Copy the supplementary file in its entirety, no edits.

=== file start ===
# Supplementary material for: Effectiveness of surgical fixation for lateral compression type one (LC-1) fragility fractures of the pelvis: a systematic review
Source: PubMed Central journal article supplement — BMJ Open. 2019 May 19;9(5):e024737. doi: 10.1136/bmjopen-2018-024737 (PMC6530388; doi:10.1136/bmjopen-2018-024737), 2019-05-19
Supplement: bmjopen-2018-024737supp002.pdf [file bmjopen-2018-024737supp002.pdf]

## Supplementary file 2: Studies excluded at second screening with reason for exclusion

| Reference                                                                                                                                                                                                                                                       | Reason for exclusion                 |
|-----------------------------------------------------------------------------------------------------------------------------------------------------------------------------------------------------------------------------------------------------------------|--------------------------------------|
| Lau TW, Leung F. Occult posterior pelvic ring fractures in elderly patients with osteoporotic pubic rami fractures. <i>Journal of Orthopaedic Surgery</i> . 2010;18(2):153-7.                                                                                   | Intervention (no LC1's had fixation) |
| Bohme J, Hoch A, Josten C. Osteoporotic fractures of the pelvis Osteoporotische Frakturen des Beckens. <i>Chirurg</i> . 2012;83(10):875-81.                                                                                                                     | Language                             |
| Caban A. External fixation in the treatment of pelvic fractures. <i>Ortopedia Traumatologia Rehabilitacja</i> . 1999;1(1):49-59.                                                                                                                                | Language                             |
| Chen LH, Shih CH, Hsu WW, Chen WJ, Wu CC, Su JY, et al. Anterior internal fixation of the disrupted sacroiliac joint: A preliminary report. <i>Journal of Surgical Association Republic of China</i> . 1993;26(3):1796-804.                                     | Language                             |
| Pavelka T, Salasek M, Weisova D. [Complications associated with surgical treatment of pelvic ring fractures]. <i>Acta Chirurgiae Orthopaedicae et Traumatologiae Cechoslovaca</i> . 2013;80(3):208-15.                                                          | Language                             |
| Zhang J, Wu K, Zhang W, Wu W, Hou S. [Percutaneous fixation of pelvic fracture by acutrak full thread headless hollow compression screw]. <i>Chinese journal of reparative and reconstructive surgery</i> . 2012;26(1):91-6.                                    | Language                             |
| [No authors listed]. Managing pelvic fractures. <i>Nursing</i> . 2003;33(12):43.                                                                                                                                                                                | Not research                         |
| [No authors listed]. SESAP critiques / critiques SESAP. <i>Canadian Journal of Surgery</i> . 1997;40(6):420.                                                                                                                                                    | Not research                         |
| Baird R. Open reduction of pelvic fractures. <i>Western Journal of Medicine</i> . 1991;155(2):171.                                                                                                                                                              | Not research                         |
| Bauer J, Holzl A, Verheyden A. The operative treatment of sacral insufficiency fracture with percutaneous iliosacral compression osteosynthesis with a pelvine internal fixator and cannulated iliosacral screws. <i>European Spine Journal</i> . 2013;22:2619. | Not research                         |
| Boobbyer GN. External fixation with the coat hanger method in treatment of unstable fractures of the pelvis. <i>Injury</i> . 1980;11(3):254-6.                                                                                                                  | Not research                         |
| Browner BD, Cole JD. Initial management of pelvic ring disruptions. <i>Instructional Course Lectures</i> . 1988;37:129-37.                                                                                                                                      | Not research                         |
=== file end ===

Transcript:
# Supplementary material for: Effectiveness of surgical fixation for lateral compression type one (LC-1) fragility fractures of the pelvis: a systematic review
Source: PubMed Central journal article supplement — BMJ Open. 2019 May 19;9(5):e024737. doi: 10.1136/bmjopen-2018-024737 (PMC6530388; doi:10.1136/bmjopen-2018-024737), 2019-05-19
Supplement: bmjopen-2018-024737supp002.pdf [file bmjopen-2018-024737supp002.pdf]

## Supplementary file 2: Studies excluded at second screening with reason for exclusion

| Reference                                                                                                                                                                                                                                                       | Reason for exclusion                 |
|-----------------------------------------------------------------------------------------------------------------------------------------------------------------------------------------------------------------------------------------------------------------|--------------------------------------|
| Lau TW, Leung F. Occult posterior pelvic ring fractures in elderly patients with osteoporotic pubic rami fractures. <i>Journal of Orthopaedic Surgery</i> . 2010;18(2):153-7.                                                                                   | Intervention (no LC1's had fixation) |
| Bohme J, Hoch A, Josten C. Osteoporotic fractures of the pelvis Osteoporotische Frakturen des Beckens. <i>Chirurg</i> . 2012;83(10):875-81.                                                                                                                     | Language                             |
| Caban A. External fixation in the treatment of pelvic fractures. <i>Ortopedia Traumatologia Rehabilitacja</i> . 1999;1(1):49-59.                                                                                                                                | Language                             |
| Chen LH, Shih CH, Hsu WW, Chen WJ, Wu CC, Su JY, et al. Anterior internal fixation of the disrupted sacroiliac joint: A preliminary report. <i>Journal of Surgical Association Republic of China</i> . 1993;26(3):1796-804.                                     | Language                             |
| Pavelka T, Salasek M, Weisova D. [Complications associated with surgical treatment of pelvic ring fractures]. <i>Acta Chirurgiae Orthopaedicae et Traumatologiae Cechoslovaca</i> . 2013;80(3):208-15.                                                          | Language                             |
| Zhang J, Wu K, Zhang W, Wu W, Hou S. [Percutaneous fixation of pelvic fracture by acutrak full thread headless hollow compression screw]. <i>Chinese journal of reparative and reconstructive surgery</i> . 2012;26(1):91-6.                                    | Language                             |
| [No authors listed]. Managing pelvic fractures. <i>Nursing</i> . 2003;33(12):43.                                                                                                                                                                                | Not research                         |
| [No authors listed]. SESAP critiques / critiques SESAP. <i>Canadian Journal of Surgery</i> . 1997;40(6):420.                                                                                                                                                    | Not research                         |
| Baird R. Open reduction of pelvic fractures. <i>Western Journal of Medicine</i> . 1991;155(2):171.                                                                                                                                                              | Not research                         |
| Bauer J, Holzl A, Verheyden A. The operative treatment of sacral insufficiency fracture with percutaneous iliosacral compression osteosynthesis with a pelvine internal fixator and cannulated iliosacral screws. <i>European Spine Journal</i> . 2013;22:2619. | Not research                         |
| Boobbyer GN. External fixation with the coat hanger method in treatment of unstable fractures of the pelvis. <i>Injury</i> . 1980;11(3):254-6.                                                                                                                  | Not research                         |
| Browner BD, Cole JD. Initial management of pelvic ring disruptions. <i>Instructional Course Lectures</i> . 1988;37:129-37.                                                                                                                                      | Not research                         |